‘We need Princess Diana’s legacy of kindness and acceptance more than ever before’
The legacy of Princess Diana, a woman known for challenging prejudice, is something to aspire to in the wake of the coronavirus pandemic.
So says Peter Waddup, Chief Executive of The Leprosy Mission ahead of what would have been Diana Princess of Wales’s 60th birthday on 1 July.
Leprosy is a disease that had a huge impact on Diana Princess of Wales and she visited a number of Leprosy Mission hospitals. Famously she made headlines by touching people affected by the disease against the advice of her Royal officials.
When Princess Diana reduced her patronage of almost 100 charities down to just six (Centrepoint, English National Ballet, Great Ormond Street Children’s Hospital, National Aids Trust, The Royal Marsden Hospital NHS Trust and The Leprosy Mission) in 1996 she chose to continue in her role as Patron of The Leprosy Mission. By doing so she demonstrated a real heart for the cause and for reaching out to people on the fringes of society.
She spoke passionately at a global anti-leprosy conference in London in 1996 where she explained her actions. “It’s always been my concern to touch people with leprosy, trying to show in a simple action that they are not reviled nor are we repulsed,” she said.
Peter Waddup said it is exactly this public demonstration of kindness and acceptance that is needed in the countries where The Leprosy Mission works today.
He said: “Covid has had a completely devastating effect in the countries where we work. It is not only a case of health systems collapsing under the strain but lockdown measures imposed to curtail the spread of the virus causing widespread poverty.
“There is desperate hunger and it is widely reported that millions of people globally have been plunged into extreme poverty as a direct result of the pandemic.
“Leprosy is a leading cause of preventable disability and is a disease that thrives where people live in poverty.
“We work closely with governments to find new cases of leprosy in the hope that people can be treated before they develop lifelong disabilities, including blindness.
“But what we are facing now is a more extreme version of what happened in the UK with health systems having to prioritise Covid over other aspects of healthcare.
“Health systems in the countries where we work across Asia and Africa have almost collapsed, with leprosy detection work falling way down the priority list.
“So, while we expect the official World Health Organisation figures, when published, to show a decline in the number of new cases of leprosy found and treated in 2020 and 2021, we know tragically this is not an indication of a reduction in disease.
“It is completely heartbreaking, because if leprosy is found and treated at its early stages then people are likely to live lives free from disability. Evidence already points to the fact that for every person treated with leprosy there are a further 19 ‘hidden cases’ needing to be found and cured.”
Peter said that a lack of access to healthcare and stigma are the two biggest challenges when it comes to ridding the world of leprosy.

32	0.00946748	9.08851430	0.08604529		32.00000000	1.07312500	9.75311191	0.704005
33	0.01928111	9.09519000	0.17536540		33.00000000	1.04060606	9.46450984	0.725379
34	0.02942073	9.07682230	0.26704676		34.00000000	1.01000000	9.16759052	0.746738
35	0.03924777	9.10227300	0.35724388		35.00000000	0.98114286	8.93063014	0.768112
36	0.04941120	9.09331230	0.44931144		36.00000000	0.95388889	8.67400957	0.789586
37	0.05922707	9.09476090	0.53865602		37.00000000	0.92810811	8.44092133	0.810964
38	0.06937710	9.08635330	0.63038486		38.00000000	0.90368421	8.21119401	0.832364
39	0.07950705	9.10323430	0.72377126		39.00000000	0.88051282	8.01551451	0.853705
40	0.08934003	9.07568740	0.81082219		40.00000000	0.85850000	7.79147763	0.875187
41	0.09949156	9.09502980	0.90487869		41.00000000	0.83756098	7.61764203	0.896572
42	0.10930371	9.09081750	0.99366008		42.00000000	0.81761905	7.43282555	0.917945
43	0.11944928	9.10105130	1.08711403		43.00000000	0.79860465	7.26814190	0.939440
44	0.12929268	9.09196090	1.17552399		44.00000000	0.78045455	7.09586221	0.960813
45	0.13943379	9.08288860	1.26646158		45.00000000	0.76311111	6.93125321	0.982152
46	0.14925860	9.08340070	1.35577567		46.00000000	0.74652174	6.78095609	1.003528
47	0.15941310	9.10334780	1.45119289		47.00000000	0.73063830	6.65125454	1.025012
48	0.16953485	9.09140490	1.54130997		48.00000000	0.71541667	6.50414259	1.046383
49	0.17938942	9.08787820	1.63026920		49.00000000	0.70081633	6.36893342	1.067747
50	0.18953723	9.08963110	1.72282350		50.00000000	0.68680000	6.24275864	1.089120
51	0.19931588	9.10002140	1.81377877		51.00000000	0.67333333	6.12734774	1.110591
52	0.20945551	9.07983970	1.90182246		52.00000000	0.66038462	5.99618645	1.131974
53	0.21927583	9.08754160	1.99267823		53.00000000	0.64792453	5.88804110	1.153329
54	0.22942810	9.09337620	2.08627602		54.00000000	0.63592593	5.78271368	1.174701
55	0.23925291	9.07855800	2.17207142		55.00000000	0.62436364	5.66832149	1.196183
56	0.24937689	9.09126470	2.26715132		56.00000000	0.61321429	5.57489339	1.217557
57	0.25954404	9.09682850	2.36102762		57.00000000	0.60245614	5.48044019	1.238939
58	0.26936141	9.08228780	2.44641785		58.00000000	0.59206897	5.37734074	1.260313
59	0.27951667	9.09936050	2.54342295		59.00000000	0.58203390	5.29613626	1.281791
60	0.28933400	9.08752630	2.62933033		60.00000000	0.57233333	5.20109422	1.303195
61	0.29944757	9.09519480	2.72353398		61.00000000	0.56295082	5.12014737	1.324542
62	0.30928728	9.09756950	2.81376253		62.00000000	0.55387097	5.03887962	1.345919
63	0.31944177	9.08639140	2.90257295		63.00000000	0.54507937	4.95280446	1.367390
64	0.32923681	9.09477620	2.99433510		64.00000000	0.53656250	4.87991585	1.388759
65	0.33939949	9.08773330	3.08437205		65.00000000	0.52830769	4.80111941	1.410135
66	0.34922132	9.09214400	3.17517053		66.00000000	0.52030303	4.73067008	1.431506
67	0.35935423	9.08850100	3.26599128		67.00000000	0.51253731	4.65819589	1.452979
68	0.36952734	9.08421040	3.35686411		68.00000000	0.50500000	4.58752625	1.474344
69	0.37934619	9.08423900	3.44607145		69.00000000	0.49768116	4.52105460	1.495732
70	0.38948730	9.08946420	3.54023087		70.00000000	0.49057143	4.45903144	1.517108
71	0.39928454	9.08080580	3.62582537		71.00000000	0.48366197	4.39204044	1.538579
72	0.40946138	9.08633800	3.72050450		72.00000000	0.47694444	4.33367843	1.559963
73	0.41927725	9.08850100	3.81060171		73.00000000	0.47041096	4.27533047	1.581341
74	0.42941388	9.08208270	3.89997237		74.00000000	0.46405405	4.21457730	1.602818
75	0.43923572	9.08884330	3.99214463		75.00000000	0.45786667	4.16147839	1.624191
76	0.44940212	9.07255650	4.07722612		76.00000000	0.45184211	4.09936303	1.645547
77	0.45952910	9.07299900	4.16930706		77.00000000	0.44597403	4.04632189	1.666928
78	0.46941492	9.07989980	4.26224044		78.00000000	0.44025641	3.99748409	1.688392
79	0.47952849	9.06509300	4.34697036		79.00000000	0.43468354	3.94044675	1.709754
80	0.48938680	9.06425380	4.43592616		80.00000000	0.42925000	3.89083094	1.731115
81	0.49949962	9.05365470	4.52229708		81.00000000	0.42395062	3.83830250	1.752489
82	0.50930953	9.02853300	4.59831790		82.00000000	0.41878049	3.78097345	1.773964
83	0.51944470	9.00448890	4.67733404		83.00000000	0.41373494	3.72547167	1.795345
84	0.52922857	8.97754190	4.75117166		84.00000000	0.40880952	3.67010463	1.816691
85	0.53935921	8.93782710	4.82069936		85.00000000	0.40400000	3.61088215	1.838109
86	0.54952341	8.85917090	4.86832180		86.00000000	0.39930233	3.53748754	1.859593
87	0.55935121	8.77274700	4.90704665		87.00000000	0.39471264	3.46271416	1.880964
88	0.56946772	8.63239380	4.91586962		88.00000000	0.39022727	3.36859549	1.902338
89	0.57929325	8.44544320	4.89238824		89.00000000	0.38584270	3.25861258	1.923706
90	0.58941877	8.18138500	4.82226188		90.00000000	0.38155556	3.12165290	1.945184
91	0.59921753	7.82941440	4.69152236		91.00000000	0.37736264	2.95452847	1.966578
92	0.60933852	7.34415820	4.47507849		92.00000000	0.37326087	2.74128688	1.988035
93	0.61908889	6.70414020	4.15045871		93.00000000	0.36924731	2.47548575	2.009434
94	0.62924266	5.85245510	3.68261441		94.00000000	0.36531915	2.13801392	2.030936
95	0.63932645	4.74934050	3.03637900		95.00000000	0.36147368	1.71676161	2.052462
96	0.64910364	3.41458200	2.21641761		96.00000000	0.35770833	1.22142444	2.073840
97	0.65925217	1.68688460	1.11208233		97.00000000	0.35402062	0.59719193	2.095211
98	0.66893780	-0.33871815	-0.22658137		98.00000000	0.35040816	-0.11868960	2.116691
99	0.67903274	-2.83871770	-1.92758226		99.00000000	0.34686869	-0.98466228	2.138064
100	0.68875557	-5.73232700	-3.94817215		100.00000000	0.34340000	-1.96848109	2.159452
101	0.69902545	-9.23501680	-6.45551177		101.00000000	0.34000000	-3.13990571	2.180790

“Princess Diana was a superb Patron of The Leprosy Mission,” said Peter.
“She was the world’s most photographed woman and made huge strides in quashing the age-old prejudice and myths surrounding leprosy which we know stop people coming forward for treatment.
“We need to remember the Princess’s legacy of kindness and acceptance by raising awareness of the disease so that people will recognise its early symptoms and seek treatment without fear of rejection from their family, friends and communities.
“This is even more paramount in the days of this terrible pandemic where government resources simply will not be there to find these people.”
Dr Ruth Butlin, 69 (pictured above), met Princess Diana in 1993 when she visited The Leprosy Mission’s Anandaban Hospital in Nepal.
Ruth, who is now retired and living near Eastbourne, was Medical Superintendent at the time and witnessed Princess Diana's compassion in action.
“She was a very active patron at the time and well informed about the impact that leprosy had on people’s lives,” she said.
“We’d scheduled a visit of an hour and a half and planned a meticulous programme so that she was able to speak to as many patients and staff members as possible.
“She overstayed her allocated time because she spent so long chatting to everybody!
“She was so friendly and gracious and when she spoke to someone, it felt to them as if they were the only person in the room.
“I took her on the tour and what was so noticeable is how unafraid she was. Some people would’ve been afraid to come into a ward for leprosy patients but she showed no fear or revulsion when speaking to the patients. She held their hands and sat on their beds and asked questions.
“The patients valued her visit so much. They couldn’t believe that a foreign princess came to see them.
“At the time of her visit, there was a highly respected monarchy in Nepal and we couldn’t have imagined that any one of them would have made the same visit.
“She came across as a very genuine person and she knew that she could help so many charities to get more attention by visiting them, because whatever she didn’t attracted attention.
“Seeing Diana with the patients was inspirational, she modelled how to treat leprosy patients in a kind and accepting way.
“She brought them out of the shadows and into the limelight with her, demonstrating kindness and acceptance. I was encouraged by her visit, as were all the staff.”